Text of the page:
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Spectator letters: What might have been for young Boris and Dave

Plus Farage's achievement, the reality of John Bell, and a teenager on dating

5 March 2016

9:00 AM

5 March 2016

9:00 AM

What might have been

Sir: Harry Mount points out that Boris Johnson is two years older than David Cameron (Diary, 27 February). Both, however, began their careers in the same year. On 15 June 1988 I interviewed David Cameron for a post in the Conservative Research Department; on 26 July it was Boris’s turn (‘Johnston’ in my diary). The former was signed up to cover trade and industry issues (memorably forgetting the trade figures when Mrs Thatcher asked him for them). Boris was invited to follow in the footsteps of father Stanley, who had been the department’s first environment expert in the Heath era. But journalism lured him away. Would they have forged a lifetime’s close and harmonious friendship if Boris had reached a different decision?
Alistair Lexden
Deputy Director, Conservative Research Department 1985-97
House of Lords, London SW1

Farage’s achievement

Sir: It is understandable why James Forsyth is comforted by the recent shift in the ‘out’ campaign’s ascendancy, from Nigel Farage to the political mainstream (‘The Tory dogfight’, 27 February). But I think he ought to express a little bit more gratitude for Nigel Farage’s contribution to the campaign so far. After all, it was Nigel and his ‘useful Tory idiots’ who singlehandedly forced Cameron into calling this referendum in the first place.
Benjamin Isaacson
London NW11

A better class of passport

Sir: Toby Young (Status anxiety, 27 February) wants his children to feel they have won the lottery of life by having a British passport. But isn’t the prize even better if they have a British passport that also gives them the unrestricted right to live, work, and study anywhere in the EU? If his children are anything like mine, they’d see that as an enormous bonus. But it’s one they might lose on Brexit.
George Peretz QC
Gray’s Inn, London

Decided by a knockout

Sir: Unlike Toby Young (Status anxiety, 27 February), I’m finding it very difficult to decide which side to support in the EU referendum debate. Both camps present equally convincing arguments, and I get the distinct impression that it’s six of one and half a dozen of the other. But I don’t want to simply toss a coin; that would be irrational. Instead, since the referendum takes place during the Euro 2016 soccer tournament, I’ve decided to base my decision on England’s performance. If they get through the group stages, I’ll vote to stay in; if they get knocked out, I’ll vote to leave.
Stan Labovitch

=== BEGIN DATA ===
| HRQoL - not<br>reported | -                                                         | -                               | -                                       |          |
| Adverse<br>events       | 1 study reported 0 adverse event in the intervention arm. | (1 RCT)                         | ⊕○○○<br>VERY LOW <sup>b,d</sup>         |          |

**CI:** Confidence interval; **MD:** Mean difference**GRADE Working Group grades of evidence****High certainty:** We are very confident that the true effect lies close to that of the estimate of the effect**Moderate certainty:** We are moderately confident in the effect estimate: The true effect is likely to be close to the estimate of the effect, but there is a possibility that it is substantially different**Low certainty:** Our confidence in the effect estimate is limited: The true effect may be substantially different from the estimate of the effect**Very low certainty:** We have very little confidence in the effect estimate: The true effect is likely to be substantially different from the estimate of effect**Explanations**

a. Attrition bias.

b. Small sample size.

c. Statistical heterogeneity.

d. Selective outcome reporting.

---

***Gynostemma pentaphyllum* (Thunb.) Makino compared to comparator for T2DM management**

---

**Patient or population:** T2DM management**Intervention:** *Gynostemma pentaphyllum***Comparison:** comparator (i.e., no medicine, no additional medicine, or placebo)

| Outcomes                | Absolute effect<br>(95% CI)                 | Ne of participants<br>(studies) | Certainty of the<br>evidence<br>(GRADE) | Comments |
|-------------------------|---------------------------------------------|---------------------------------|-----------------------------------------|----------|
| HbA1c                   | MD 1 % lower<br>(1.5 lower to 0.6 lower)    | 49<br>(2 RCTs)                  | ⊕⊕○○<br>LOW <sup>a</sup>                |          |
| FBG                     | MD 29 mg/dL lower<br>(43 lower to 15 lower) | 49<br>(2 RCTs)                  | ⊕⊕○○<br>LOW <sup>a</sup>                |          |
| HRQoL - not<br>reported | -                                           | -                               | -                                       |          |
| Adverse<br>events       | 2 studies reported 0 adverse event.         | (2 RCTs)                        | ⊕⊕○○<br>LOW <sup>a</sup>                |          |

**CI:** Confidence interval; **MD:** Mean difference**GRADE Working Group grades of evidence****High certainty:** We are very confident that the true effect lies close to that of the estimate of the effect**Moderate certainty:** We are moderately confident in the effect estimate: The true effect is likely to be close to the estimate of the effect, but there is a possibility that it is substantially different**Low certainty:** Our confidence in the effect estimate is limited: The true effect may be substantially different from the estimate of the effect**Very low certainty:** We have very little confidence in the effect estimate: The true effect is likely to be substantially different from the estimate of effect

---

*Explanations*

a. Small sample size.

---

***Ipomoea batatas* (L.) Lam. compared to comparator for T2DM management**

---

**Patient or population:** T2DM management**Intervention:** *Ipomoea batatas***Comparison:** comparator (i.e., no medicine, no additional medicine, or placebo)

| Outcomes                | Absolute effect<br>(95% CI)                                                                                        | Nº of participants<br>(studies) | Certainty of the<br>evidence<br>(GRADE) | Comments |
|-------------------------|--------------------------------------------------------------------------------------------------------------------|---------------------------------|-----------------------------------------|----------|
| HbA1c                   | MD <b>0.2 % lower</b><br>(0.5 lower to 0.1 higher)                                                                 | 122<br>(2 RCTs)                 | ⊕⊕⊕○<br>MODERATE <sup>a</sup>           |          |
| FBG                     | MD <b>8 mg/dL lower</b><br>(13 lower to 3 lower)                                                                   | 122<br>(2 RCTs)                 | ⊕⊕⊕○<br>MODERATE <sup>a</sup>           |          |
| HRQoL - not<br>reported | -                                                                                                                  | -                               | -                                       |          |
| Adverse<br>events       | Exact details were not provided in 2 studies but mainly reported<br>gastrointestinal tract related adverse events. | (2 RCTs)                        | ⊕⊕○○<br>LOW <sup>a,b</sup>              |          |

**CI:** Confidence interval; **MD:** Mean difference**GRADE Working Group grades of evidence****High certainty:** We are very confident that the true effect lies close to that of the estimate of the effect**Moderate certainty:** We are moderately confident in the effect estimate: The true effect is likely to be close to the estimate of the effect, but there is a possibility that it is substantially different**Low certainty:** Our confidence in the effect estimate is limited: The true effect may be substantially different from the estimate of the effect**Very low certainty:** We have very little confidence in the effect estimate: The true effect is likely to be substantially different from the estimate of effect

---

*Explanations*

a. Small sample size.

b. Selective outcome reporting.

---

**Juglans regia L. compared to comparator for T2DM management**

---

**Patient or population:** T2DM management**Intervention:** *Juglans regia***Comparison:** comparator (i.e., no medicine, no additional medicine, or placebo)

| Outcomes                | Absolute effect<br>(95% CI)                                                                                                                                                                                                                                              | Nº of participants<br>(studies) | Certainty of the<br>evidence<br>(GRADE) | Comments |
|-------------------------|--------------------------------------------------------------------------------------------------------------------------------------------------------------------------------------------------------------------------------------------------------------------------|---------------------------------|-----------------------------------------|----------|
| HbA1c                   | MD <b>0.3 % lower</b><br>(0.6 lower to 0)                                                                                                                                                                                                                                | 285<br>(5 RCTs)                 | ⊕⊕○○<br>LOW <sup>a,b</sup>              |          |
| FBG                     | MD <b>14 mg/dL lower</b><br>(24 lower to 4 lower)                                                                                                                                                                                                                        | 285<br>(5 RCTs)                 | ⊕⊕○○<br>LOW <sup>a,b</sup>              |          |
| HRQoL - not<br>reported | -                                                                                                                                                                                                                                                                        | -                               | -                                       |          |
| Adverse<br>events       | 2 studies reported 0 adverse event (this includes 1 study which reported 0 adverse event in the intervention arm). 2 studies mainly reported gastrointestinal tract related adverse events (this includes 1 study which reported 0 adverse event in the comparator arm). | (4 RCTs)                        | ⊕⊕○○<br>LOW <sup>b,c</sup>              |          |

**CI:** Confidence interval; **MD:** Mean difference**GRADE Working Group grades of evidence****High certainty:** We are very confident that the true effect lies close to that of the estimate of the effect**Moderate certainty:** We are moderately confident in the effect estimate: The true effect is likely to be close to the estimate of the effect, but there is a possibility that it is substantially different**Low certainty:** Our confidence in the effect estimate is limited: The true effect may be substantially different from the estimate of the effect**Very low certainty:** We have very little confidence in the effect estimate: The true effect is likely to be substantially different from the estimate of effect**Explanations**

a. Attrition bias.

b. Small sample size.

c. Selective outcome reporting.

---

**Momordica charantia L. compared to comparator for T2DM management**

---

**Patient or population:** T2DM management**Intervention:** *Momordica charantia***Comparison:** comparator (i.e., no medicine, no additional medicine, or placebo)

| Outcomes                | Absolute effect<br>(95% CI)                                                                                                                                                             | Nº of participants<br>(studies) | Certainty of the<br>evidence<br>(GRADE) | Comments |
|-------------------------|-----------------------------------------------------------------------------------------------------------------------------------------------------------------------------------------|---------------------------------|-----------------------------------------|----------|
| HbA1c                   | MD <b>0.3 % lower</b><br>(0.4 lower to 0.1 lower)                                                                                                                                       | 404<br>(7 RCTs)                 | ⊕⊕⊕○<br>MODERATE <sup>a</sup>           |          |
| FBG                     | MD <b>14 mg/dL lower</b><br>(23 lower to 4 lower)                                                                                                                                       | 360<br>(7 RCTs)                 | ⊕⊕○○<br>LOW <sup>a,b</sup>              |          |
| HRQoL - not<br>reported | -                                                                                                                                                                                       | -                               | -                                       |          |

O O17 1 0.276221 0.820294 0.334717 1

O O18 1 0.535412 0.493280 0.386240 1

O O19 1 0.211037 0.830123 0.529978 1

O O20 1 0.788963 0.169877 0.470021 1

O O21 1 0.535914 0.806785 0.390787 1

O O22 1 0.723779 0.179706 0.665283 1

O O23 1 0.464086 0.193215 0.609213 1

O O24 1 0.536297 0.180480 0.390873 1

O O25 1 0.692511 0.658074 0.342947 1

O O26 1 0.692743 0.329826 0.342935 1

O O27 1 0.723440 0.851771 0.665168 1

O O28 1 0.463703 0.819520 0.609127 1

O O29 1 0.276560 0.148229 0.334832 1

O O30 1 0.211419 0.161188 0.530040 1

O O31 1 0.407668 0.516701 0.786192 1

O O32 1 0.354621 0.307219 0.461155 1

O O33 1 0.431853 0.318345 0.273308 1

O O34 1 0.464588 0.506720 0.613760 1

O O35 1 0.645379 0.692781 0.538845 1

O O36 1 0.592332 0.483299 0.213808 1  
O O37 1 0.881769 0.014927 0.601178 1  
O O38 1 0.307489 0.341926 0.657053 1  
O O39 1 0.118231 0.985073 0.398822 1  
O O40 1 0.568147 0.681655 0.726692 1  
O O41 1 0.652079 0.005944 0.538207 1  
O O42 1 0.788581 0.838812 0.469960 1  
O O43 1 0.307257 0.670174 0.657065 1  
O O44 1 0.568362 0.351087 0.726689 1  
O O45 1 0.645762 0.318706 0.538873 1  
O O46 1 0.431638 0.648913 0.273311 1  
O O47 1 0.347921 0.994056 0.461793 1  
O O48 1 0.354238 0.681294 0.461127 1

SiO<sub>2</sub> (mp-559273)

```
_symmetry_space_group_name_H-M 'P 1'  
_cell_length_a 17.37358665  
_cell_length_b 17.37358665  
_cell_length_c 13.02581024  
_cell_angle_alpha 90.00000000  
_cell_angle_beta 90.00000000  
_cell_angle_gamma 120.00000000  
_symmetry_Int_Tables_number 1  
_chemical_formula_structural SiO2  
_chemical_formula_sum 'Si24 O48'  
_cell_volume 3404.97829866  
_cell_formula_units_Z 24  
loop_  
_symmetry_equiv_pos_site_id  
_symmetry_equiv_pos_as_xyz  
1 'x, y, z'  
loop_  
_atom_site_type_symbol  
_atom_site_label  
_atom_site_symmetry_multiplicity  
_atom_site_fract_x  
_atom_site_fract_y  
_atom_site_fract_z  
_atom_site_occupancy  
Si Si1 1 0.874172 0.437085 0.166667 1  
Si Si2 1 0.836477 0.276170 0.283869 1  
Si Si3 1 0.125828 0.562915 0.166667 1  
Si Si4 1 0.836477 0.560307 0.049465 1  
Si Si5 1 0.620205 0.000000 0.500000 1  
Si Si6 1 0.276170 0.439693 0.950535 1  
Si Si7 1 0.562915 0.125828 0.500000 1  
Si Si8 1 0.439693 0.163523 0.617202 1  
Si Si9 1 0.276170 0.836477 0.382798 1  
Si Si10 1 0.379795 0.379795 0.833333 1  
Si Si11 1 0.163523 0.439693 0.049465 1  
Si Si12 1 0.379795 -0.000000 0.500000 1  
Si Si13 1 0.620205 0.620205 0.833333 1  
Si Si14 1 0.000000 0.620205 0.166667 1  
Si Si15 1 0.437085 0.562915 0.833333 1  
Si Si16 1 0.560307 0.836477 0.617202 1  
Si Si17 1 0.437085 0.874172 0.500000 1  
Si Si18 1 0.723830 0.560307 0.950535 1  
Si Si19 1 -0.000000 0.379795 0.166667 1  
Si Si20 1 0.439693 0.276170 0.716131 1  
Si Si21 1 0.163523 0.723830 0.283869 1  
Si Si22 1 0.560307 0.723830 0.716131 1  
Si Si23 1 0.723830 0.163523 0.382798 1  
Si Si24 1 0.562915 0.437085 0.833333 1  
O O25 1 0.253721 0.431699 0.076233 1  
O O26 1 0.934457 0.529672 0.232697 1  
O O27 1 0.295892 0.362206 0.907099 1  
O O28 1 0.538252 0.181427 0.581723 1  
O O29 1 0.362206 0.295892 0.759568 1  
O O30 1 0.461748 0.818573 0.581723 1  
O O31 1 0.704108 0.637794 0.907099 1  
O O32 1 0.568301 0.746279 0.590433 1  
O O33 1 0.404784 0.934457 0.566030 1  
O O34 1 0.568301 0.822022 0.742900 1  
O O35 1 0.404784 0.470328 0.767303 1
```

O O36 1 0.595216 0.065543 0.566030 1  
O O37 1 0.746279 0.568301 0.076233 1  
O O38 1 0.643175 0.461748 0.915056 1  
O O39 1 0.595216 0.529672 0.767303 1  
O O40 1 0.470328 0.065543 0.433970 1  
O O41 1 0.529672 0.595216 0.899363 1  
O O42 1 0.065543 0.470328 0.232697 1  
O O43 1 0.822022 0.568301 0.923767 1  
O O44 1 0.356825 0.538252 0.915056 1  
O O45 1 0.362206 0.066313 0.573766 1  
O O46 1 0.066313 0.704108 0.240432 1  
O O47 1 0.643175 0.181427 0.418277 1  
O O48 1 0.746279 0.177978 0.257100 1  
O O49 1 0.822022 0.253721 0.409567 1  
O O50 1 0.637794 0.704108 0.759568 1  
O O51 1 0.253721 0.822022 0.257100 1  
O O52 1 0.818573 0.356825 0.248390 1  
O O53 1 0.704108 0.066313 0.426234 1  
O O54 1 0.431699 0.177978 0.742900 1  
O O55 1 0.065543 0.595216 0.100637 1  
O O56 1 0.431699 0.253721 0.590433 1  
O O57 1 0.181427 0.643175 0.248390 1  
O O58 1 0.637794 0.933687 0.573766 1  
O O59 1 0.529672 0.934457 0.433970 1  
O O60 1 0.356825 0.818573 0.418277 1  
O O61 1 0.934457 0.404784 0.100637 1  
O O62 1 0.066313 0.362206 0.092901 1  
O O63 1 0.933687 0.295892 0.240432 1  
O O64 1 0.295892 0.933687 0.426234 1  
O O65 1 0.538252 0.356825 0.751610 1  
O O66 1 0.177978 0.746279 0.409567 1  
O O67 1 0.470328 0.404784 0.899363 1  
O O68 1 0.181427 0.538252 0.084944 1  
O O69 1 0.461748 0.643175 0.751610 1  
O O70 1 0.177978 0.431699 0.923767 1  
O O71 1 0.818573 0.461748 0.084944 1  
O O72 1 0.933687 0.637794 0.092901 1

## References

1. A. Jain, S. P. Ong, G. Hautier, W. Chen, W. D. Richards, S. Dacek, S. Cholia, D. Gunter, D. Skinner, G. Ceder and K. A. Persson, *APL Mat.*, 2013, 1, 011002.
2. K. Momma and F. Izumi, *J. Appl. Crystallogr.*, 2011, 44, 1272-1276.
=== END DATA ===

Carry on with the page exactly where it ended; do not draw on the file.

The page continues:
Windsor, Surrey

Pity the bed-blockers


Sir: James Delingpole (27 February) is right that in NHS hospitals, bed after bed is occupied by people with dementia who ‘simply don’t belong in wards designed to treat acute, short-term conditions’. Yet his disparaging remarks about people with dementia left a sour taste.

Just as James Delingpole didn’t conduct his journalistic research by choice — a pulmonary embolism is something one doesn’t plan — people with dementia do not choose to be stuck in hospital. They, too, would like to return to the comfort of their home. Yet with adult social care funding in crisis, good quality care and support in the community is in short supply. Mr Delingpole saw first-hand how dementia complicates care — people can be doubly incontinent, can become malnourished because they can’t feed themselves, and can find it impossible to communicate if they are in pain. Perhaps, since he has the good fortune to be able to elaborate on his experience in these pages, he could consider those who are unable to do so and don’t have anyone to speak up on their behalf.
George McNamara
Head of Policy and Public Affairs at Alzheimer’s Society, London E1

Only too real

Sir: It is with regret that I write to inform Charles Moore (Notes, 27 February) that John Bell is in fact a ‘real’ person and not the invention of a cunning satirist. He is indeed, as he claims to be, one of the ‘Iona Community’.

It is perhaps less well-known to Spectator readers that he is also the editor of the new Church of Scotland hymn book (CH4), which is notable for its reduction of age-old hymns to gender-neutral versions.
Neil Benzie
Scotland

Offline dating

Sir: I am a 14-year-old girl living in London and I am worried that Mary Wakefield’s column (27 February) gives the false impression that teenagers are idiots, and that it may panic people who do not have a full understanding of the situation.

She describes modern-day teenage dating as taking place on social media. But of the few of my friends who have gone out with someone, not one has met their boyfriend or girlfriend through the internet. In every case they have met first in person, through friends or at a party, and their relationship takes place offline.

A lot of people think of my generation as antisocial, computer-addicted zombies, but the truth is very different. All the teenagers I know would rather spend time with friends. When we are together we put our phones away, unlike my parents’ generation, who find it hard to leave their phones untouched during a meal.

I have never seen inappropriate pictures on anyone’s social media, but teachers have been drilling us on internet safety since we were about ten. As for ‘likes’, in the general scheme of things we are aware that obsessing about them is slightly ridiculous.
Poppy Critchlow
London N19


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